Mary Norris got her first job at the New Yorker in 1978 and has been their page OKer since 1993. In this unique role, which seems to be the equivalent of copy-editorial superhead, she works with the magazine’s editor, the author, a fact checker and a second proofreader – staffing levels UK magazines could only fantasise about – to ensure that each piece is perfect when it goes to press. You can be pretty confident, then, that she’s learned a thing or two about grammar and punctuation, not to mention dealing with authors, over the years. Now she’s written a book, part memoir but mainly a charming, chatty, discursive style guide, to share that knowledge.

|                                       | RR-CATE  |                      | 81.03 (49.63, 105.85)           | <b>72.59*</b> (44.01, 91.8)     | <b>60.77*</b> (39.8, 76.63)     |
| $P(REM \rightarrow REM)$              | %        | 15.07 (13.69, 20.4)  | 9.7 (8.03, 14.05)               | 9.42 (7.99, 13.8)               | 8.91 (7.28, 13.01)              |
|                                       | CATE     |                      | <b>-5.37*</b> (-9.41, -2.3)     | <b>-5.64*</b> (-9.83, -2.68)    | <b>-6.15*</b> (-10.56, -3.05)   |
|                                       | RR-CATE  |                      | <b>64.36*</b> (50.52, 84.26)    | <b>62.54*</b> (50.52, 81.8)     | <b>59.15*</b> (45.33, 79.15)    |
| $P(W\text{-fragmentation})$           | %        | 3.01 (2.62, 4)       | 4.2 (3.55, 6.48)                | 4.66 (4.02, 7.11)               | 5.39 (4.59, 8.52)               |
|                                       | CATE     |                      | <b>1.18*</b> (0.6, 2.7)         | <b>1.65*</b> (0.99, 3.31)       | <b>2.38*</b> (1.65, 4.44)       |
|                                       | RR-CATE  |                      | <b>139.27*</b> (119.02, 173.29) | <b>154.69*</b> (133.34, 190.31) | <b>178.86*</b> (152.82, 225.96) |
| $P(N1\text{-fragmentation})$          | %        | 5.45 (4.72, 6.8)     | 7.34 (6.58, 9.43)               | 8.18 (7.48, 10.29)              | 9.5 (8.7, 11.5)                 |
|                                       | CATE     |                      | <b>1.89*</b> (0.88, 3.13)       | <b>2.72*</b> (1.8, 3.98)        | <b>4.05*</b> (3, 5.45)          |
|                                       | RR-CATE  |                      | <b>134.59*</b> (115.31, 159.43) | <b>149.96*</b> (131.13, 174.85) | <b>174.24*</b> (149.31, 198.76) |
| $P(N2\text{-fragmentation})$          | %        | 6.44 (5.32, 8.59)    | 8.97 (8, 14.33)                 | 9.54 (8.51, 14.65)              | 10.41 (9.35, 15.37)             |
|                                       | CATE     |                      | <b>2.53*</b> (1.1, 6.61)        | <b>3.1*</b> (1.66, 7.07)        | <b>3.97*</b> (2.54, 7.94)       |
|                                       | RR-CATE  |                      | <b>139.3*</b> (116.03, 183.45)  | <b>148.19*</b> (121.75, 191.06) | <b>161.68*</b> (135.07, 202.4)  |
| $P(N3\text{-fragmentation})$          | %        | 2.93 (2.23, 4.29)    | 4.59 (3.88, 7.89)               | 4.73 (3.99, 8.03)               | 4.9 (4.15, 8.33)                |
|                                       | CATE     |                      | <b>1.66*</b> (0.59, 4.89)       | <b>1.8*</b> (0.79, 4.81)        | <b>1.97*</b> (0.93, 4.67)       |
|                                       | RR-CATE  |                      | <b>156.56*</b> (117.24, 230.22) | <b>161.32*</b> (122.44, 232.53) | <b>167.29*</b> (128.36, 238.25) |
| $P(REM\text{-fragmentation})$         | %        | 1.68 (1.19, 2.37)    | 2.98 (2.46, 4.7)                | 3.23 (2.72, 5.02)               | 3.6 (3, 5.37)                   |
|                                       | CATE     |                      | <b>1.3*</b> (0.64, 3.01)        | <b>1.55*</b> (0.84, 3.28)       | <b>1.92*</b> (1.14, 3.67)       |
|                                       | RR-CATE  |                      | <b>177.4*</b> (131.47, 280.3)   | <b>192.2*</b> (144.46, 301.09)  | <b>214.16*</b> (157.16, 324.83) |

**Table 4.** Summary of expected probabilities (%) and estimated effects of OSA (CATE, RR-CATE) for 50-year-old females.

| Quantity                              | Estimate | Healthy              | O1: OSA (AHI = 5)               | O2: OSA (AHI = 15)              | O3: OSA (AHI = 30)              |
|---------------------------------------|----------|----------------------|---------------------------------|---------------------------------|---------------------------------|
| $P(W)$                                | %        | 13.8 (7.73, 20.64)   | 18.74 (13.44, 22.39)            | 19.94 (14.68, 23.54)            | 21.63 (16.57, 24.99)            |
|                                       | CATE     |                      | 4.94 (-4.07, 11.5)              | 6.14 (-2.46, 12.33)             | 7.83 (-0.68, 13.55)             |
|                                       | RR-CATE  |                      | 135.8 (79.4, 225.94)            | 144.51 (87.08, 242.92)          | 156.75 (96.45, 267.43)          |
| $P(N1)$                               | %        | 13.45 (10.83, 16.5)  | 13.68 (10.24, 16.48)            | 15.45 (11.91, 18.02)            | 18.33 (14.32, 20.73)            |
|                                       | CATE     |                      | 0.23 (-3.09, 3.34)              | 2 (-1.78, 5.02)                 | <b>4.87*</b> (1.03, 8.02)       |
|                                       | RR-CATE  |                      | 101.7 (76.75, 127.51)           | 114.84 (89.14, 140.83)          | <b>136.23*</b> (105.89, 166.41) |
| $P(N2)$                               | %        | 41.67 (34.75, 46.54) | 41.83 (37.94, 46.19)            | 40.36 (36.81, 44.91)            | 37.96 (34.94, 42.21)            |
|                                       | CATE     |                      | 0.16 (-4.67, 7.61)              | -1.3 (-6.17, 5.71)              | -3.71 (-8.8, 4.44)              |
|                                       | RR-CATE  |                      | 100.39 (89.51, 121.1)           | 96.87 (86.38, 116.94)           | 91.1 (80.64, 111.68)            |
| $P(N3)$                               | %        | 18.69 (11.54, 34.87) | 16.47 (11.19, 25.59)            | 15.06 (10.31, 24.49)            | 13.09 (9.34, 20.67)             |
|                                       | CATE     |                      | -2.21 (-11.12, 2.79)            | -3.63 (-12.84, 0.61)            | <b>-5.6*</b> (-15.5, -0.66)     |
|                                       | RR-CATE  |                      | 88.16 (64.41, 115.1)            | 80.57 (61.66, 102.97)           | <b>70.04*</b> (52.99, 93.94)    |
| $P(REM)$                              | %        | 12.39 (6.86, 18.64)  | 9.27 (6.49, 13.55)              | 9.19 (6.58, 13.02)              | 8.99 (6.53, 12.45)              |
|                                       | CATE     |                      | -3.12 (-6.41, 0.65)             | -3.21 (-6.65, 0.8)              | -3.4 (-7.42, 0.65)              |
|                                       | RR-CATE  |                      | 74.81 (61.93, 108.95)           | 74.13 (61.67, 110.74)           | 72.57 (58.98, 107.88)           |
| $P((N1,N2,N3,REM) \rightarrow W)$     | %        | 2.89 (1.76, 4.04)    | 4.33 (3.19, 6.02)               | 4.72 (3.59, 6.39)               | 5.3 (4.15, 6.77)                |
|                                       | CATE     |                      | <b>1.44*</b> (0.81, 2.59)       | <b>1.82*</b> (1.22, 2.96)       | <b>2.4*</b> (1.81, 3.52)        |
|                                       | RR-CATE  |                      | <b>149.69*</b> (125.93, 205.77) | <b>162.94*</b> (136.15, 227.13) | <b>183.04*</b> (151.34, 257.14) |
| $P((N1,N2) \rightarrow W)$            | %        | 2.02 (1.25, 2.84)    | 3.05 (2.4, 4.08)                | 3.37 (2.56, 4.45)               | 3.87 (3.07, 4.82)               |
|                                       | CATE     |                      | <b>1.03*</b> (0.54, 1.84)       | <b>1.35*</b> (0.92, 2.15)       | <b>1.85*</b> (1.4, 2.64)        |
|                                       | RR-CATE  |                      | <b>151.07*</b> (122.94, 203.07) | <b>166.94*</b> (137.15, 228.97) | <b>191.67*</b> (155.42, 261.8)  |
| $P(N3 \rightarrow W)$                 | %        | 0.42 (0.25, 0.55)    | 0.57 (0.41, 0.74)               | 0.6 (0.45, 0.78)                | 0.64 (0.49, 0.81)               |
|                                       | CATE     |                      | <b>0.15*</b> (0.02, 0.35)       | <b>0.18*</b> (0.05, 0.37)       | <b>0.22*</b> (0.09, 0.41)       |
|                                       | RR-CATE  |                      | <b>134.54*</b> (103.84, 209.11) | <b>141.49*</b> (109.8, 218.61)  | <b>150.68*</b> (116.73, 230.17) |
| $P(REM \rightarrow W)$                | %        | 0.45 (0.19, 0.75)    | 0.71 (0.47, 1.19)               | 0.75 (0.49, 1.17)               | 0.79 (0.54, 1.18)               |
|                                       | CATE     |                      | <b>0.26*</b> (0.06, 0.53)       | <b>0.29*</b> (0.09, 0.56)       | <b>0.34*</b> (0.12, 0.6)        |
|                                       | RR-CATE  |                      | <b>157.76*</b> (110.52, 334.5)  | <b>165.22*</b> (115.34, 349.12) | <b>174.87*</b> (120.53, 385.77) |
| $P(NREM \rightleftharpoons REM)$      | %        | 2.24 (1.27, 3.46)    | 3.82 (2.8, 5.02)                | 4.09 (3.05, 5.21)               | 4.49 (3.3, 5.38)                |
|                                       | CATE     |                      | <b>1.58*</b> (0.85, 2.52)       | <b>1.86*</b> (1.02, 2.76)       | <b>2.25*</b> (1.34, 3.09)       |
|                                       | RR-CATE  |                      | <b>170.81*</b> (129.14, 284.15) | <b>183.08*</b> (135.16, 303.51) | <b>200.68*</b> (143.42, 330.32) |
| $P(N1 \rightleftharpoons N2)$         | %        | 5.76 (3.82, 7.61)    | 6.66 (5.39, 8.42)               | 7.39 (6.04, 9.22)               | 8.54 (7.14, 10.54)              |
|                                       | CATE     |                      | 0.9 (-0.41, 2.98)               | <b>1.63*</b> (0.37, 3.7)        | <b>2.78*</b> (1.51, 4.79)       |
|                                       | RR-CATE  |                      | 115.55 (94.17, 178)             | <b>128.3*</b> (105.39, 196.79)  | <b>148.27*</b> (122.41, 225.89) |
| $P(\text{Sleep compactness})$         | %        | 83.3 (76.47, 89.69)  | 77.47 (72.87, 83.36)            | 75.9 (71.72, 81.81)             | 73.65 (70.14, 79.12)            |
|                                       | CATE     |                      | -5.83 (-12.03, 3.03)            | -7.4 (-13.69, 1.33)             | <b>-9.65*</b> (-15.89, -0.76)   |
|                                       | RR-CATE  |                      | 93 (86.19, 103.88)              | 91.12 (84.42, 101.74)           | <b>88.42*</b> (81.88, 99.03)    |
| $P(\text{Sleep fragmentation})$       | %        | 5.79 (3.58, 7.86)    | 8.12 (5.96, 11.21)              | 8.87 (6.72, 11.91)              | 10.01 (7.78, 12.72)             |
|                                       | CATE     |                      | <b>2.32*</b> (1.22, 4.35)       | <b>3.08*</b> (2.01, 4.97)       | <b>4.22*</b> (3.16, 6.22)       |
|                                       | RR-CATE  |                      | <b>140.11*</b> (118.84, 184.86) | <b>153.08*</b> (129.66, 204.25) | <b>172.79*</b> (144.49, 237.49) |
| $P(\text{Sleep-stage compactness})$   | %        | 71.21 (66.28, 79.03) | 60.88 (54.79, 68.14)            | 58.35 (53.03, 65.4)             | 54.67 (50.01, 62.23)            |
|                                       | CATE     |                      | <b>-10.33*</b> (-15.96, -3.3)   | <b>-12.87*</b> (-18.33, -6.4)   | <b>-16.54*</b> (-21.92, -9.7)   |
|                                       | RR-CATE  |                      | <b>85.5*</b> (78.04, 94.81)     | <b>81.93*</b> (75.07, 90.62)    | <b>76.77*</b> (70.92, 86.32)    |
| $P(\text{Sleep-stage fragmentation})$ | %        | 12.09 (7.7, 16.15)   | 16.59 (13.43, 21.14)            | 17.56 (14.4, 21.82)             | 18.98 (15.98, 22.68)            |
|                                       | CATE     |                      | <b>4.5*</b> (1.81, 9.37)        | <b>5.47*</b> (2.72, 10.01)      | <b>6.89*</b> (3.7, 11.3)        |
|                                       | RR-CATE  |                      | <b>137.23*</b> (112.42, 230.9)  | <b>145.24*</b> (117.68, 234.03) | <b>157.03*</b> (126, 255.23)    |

To say ‘memoir’ is perhaps misleading. The New Yorker itself is at the heart of this book,